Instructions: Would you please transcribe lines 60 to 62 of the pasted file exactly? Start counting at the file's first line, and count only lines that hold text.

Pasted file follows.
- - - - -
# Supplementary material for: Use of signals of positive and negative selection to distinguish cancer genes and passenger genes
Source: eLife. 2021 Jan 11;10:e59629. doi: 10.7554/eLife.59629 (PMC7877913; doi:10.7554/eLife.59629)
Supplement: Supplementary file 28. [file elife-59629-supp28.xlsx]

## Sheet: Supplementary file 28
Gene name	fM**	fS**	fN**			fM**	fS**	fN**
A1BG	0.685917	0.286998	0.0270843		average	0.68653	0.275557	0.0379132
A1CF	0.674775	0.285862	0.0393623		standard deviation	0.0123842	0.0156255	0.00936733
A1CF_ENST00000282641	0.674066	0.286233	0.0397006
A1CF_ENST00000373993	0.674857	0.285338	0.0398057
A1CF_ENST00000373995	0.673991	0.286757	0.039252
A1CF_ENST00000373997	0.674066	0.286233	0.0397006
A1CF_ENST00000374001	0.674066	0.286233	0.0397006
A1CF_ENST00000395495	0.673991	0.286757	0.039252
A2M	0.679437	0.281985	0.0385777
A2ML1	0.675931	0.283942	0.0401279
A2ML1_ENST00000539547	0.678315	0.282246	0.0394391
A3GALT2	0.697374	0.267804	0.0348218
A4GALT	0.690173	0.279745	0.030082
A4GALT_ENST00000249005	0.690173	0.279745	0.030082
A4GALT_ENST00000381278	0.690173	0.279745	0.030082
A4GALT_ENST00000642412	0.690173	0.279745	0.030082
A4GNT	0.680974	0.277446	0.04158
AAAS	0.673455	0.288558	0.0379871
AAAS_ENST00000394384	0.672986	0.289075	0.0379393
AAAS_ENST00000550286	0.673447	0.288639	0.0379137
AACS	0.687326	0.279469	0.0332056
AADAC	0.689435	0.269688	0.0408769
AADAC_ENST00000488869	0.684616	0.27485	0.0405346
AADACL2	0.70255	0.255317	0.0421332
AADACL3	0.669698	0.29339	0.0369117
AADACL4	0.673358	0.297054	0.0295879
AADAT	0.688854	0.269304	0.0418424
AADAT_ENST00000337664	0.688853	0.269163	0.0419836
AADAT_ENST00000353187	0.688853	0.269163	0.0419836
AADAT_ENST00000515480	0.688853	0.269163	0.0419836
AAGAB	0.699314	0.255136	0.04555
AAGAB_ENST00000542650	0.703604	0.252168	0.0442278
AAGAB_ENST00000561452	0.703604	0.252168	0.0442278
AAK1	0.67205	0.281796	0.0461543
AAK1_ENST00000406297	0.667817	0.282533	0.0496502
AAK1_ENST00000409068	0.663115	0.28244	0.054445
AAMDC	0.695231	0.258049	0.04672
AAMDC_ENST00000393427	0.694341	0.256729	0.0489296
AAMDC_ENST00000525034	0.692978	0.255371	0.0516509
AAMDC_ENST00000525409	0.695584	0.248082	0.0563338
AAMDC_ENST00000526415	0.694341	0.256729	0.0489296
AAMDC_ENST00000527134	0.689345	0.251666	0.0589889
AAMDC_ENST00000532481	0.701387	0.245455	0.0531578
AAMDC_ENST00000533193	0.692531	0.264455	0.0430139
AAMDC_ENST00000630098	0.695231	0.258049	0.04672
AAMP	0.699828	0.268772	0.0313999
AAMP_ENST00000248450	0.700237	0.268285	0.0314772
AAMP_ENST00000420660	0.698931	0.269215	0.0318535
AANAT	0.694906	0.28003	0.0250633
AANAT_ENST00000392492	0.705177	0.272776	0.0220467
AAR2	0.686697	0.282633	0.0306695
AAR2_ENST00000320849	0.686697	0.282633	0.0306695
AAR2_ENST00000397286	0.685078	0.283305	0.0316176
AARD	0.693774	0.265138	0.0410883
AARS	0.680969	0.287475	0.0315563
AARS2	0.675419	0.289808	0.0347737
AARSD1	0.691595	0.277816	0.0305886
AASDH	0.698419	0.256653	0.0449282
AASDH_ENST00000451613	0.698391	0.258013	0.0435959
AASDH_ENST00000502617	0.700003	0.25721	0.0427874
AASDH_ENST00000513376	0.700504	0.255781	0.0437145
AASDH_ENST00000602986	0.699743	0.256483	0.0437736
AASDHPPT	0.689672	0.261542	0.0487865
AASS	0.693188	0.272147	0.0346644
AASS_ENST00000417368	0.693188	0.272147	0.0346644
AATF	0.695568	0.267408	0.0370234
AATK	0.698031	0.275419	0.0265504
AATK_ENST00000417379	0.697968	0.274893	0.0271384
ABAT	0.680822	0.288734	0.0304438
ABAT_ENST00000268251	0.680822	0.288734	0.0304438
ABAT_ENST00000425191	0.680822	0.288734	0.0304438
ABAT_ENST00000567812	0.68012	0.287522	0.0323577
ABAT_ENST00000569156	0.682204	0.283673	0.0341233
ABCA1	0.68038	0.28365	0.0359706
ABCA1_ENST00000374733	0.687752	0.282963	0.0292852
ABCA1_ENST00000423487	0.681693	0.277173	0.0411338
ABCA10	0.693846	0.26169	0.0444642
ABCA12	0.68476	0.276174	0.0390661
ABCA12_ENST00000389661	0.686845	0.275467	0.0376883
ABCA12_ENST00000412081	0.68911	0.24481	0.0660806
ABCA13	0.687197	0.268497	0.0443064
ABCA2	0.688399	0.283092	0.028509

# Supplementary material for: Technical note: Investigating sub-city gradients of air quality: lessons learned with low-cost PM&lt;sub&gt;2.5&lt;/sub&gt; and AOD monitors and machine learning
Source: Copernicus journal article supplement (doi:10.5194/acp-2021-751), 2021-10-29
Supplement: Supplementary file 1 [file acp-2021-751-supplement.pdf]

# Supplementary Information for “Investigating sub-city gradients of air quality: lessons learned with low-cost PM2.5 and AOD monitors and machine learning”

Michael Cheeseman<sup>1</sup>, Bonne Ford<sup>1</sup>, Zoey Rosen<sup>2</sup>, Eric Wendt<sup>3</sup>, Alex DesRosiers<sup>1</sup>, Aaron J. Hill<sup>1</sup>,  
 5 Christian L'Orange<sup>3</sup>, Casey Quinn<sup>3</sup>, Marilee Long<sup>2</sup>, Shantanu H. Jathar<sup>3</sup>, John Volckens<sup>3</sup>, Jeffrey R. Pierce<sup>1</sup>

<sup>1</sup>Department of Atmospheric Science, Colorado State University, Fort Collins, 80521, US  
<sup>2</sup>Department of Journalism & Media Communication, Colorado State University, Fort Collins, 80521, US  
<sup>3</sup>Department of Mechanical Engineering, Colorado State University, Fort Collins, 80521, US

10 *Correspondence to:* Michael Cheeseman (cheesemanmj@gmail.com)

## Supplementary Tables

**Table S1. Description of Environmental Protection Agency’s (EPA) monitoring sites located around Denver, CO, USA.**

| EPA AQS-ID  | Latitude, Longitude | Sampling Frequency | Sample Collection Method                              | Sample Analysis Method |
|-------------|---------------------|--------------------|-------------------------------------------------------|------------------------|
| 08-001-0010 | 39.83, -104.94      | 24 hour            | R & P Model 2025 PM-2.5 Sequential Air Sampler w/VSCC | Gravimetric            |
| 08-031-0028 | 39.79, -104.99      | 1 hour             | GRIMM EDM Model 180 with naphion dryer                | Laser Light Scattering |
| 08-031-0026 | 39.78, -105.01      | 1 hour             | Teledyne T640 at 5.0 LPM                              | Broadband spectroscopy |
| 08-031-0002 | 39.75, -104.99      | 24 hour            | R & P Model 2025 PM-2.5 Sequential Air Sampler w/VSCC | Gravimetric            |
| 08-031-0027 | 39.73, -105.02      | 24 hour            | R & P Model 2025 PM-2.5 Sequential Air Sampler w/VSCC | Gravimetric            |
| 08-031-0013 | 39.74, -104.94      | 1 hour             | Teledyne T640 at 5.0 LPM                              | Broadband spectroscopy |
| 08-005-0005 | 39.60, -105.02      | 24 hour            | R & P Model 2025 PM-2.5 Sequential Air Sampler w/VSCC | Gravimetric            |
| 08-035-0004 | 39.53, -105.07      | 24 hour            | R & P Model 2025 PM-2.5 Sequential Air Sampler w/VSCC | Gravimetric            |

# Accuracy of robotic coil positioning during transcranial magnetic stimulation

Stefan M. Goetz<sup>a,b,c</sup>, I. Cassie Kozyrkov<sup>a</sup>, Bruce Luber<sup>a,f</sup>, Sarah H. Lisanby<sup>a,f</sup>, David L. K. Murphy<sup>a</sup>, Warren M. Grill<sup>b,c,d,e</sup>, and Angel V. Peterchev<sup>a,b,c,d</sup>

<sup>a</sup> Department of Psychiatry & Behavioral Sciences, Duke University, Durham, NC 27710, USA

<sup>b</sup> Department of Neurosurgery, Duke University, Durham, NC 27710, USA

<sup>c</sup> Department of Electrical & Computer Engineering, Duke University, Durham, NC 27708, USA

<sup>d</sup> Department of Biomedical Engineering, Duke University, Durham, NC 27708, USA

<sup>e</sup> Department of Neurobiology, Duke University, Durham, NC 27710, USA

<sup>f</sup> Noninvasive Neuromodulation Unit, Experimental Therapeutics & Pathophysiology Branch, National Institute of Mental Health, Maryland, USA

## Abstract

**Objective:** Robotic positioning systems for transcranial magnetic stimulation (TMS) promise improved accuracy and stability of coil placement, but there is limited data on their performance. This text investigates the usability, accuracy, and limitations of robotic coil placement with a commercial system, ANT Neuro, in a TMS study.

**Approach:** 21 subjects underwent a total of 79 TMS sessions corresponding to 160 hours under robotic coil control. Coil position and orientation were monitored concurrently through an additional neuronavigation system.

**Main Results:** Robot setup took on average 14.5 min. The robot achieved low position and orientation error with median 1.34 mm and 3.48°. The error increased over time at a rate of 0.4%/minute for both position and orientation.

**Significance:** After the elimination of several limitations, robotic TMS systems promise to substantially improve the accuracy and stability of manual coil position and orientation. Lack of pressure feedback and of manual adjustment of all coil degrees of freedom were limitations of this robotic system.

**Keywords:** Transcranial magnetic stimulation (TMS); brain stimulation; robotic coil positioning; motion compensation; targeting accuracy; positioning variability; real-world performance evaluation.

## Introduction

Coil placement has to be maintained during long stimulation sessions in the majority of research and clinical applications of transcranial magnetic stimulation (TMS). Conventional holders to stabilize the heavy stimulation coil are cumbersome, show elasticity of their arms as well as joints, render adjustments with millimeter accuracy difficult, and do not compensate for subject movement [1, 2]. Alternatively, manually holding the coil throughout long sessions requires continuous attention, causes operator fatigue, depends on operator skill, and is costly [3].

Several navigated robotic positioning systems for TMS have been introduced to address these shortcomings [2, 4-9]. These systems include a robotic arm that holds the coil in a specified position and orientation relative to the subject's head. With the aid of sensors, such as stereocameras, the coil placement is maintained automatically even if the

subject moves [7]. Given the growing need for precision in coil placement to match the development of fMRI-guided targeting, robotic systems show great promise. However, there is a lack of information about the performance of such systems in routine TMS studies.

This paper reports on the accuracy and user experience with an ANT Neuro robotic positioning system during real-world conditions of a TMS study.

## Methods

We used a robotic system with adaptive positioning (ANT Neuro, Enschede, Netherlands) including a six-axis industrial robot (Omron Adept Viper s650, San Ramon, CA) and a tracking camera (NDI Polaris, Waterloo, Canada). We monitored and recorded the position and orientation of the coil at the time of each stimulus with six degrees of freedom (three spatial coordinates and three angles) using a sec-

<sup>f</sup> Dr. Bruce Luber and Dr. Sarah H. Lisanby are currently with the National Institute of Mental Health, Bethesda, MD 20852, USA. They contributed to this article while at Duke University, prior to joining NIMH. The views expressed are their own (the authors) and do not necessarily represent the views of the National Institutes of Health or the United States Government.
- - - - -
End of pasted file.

AARS	0.680969	0.287475	0.0315563
AARS2	0.675419	0.289808	0.0347737
AARSD1	0.691595	0.277816	0.0305886